In the world of graduate school and academia, it is easy to get lost in our own worlds, reading, teaching, and researching. In the end, we all should desire to share what we have learned with the world—not just those privileged enough to scan their ID onto campus. I’m proud to work with BAAHP in their efforts to preserve and share the rich cultural history of the borough Fordham calls home. The cultural contours of the Bronx continue to change and the BAAHP will be there to make sure the people’s stories will not be forgotten.
A new conversation has started within the History Department at Fordham. Under the direction of Dr. Nicholas Paul, graduate students in his Crusader States class are developing podcasts as a means to initiate discussion. The course, “charts the social, political, and cultural history of the feudal principalities (sometimes called “Crusader States” “the Latin East” or the ‘Frankish Levant”) that were established by Latin Christians in the Eastern Mediterranean in the wake of the First Crusade.” The podcasts, in turn, each focus on a specific theme within the current scholarship, from the background to the First Crusade in the Eastern Mediterranean, to the relationships between Latin Europeans and eastern Christians and Muslims, through the cultural, social, and political development of the Crusader States themselves
What are the advantages of the podcast format? Tom Schellhammer, a student in the course, commented that, “Historical scholarship must also embrace the current trend towards technological interaction,” as “Technology allows us to reach a wide audience, and this idea is a fantastic intro to anyone interested in learning more about the Crusader States. A podcast can build interest by succinctly covering the important discussion points on any one topic, and highlighting the importance of the topic and asking intriguing questions that spark even more debate and scholarship.”
For Tom, and all of the students in The Crusader States, further and broader discussion about the aftermath of the First Crusade is the ultimate goal, and they believe that using podcasts promotes that within and beyond their seminar. Tom says, “I think that as a class we have come up with some thought provoking questions which might benefit a larger community studying the Crusader States. I find the material challenging and want to hear outside comments upon the work that we are doing, so I appreciate the opportunity to be heard and receive feedback on our discussions. On a topic that has interest in such widespread and diverse communities, the podcasts truly help reach outside thoughts and opinions and ignite those same thoughts to be shared here at Fordham.”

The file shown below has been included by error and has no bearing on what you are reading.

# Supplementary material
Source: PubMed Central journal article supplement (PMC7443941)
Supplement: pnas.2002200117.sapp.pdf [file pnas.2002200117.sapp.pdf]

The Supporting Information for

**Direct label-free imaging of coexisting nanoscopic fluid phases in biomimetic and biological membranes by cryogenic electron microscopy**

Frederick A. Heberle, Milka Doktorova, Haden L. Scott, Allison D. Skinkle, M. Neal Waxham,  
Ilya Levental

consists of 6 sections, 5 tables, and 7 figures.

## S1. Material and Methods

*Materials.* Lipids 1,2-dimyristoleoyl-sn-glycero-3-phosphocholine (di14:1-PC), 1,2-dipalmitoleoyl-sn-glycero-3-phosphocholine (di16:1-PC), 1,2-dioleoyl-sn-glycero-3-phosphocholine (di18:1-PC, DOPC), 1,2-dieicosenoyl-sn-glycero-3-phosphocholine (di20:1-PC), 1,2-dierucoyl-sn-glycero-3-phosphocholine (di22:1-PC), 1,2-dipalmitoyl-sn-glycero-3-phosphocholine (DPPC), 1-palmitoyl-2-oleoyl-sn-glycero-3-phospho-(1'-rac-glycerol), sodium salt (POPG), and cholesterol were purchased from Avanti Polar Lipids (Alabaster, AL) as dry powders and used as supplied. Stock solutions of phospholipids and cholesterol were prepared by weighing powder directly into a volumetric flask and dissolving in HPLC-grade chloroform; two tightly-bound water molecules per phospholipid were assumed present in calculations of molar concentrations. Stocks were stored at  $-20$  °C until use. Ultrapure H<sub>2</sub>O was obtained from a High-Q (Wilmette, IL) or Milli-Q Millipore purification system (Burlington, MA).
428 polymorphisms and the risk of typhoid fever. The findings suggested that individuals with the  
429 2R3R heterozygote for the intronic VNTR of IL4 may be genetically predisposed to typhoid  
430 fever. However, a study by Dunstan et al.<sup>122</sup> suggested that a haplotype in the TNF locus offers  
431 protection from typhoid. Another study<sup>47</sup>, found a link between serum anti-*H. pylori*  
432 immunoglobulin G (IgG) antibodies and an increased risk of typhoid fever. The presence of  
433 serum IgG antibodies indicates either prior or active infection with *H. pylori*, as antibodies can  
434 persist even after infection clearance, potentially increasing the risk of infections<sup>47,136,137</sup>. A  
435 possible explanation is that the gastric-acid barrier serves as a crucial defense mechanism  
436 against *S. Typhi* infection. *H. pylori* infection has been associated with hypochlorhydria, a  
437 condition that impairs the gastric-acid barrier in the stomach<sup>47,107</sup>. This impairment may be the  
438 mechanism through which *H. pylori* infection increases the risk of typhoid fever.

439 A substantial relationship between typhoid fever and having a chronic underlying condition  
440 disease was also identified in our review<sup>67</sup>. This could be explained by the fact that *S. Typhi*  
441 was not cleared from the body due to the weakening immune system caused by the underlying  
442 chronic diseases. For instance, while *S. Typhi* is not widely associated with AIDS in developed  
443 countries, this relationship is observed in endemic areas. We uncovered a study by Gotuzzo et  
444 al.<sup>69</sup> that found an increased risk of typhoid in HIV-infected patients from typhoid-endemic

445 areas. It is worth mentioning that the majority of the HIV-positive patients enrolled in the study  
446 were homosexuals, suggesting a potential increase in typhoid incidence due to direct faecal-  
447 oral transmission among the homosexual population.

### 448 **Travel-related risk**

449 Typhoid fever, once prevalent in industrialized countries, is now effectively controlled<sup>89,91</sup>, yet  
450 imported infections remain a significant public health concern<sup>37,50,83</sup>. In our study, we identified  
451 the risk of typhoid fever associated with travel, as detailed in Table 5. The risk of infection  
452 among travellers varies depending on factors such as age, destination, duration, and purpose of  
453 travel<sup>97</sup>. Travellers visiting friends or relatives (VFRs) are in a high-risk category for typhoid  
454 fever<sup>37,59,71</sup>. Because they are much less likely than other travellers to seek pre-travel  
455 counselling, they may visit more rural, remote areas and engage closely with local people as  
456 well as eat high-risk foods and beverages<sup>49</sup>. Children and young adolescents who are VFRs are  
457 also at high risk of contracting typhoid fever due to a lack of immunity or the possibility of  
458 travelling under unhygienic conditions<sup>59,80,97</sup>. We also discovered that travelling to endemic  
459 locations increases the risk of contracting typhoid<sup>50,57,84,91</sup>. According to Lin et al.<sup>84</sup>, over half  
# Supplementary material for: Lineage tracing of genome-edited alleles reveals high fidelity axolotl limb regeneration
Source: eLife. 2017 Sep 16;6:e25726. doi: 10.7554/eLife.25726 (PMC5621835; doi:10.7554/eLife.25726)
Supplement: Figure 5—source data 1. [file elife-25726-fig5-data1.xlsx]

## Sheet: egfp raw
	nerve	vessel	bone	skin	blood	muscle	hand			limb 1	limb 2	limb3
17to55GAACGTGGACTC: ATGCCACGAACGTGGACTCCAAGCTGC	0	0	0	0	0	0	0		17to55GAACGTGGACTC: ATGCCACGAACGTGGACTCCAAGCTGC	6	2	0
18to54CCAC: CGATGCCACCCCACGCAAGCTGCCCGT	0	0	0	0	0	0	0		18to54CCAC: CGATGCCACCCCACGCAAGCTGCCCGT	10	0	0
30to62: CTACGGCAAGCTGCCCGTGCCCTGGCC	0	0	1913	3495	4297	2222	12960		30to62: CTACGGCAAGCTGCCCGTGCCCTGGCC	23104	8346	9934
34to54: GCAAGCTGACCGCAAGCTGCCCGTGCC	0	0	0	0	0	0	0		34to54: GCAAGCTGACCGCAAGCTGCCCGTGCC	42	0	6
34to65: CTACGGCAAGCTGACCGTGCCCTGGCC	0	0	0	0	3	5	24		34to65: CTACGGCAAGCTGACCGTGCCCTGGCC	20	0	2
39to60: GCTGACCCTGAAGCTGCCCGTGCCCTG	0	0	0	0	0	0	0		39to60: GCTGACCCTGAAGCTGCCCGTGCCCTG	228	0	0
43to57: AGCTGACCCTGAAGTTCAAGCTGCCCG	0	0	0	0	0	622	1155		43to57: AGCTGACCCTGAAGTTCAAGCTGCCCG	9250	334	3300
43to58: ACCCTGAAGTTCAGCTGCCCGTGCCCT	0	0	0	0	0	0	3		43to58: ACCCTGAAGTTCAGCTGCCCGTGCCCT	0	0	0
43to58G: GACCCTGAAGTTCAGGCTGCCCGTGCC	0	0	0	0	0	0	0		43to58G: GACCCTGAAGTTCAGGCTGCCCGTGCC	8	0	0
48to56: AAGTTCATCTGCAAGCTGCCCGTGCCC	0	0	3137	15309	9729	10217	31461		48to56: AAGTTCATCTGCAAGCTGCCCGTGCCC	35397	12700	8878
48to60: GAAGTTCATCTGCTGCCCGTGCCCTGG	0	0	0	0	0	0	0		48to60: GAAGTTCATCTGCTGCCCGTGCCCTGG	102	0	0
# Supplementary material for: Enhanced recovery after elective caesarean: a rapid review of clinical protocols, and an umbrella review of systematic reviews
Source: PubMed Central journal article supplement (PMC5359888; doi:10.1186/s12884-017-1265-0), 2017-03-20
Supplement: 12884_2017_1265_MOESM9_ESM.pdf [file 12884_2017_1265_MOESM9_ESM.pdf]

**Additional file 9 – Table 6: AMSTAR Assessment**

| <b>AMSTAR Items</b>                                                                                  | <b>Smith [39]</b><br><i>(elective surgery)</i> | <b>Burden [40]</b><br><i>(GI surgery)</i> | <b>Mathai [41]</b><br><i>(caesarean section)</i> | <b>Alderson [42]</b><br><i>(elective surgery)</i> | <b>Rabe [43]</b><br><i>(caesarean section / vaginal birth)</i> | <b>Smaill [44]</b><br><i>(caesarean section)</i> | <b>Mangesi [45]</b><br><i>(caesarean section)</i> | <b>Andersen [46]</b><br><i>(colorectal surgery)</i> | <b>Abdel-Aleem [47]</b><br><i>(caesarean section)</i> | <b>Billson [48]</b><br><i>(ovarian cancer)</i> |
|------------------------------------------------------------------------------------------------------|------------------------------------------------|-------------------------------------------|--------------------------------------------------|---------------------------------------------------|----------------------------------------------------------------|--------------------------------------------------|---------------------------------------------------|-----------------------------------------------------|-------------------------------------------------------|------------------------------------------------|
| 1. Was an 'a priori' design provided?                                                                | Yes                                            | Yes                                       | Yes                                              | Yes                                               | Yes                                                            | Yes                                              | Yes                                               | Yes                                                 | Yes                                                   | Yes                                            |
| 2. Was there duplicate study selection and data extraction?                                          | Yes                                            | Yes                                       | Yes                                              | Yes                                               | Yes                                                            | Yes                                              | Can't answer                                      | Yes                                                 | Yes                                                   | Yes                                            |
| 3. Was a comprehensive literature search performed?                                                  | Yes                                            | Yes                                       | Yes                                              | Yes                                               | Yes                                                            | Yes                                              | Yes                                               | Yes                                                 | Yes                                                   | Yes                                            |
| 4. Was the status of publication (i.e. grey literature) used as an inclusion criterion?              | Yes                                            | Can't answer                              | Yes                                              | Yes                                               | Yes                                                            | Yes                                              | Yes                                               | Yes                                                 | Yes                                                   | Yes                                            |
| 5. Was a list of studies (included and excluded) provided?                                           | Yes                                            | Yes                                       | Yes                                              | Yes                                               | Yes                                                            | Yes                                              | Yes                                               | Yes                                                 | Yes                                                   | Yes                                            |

Check out all the podcasts and listen to Tom address issues faced by the Crusader military and debate whether the creation of new states was inevitable in the aftermath of the First Crusade. History is about so much more than the sources analyzed and papers written– it is about sharing what we learn with others in hopes of creating an atmosphere of inquiry, debate, and ultimately, understanding.
Faculty and students in the History Department are getting extremely excited about the upcoming November 5 event to launch the O’Connell Initiative in the Global History of Capitalism. The event, which will feature a talk by Harvard University’s Sven Beckert on “Tracking the Global History of Capitalism,” is particularly exciting for the faculty who have read and been inspired by Beckert’s award-winning 2014 book Empire of Cotton: A Global History. We asked two members of our faculty, David Hamlin and Christopher Dietrich, to sit down and share their thoughts on the book. Their conversation is transcribed below, and it represents both a wonderful entry point into the book’s larger themes and a meditation on the value of studying capitalism from a global perspective. Continue reading
Graduate students in the History Department collected over a dozen awards at this year’s Graduate School of Arts & Sciences Awards Ceremony. There was a great turnout as historians came to be recognized and to join in the well-earned celebration.
The full list of students receiving awards in 2015
Melissa Arredia, Senior Teaching Fellowship
Edoardo Marcello Barsotti, GSAS Summer Fellowship
Alisa Beer, Senior Teaching Fellowship
Salvatore Cipriano, Jr., Archival Research Assistantship, Research Support Grant, Professional Development Grant
Stephanie DePaola, Research Fellowship
Jeffrey Doolittle, Senior Teaching Fellowship
Louisa Foroughi, GSAS Summer Fellowship
Brandon Gauthier, Alumni Dissertation Fellowship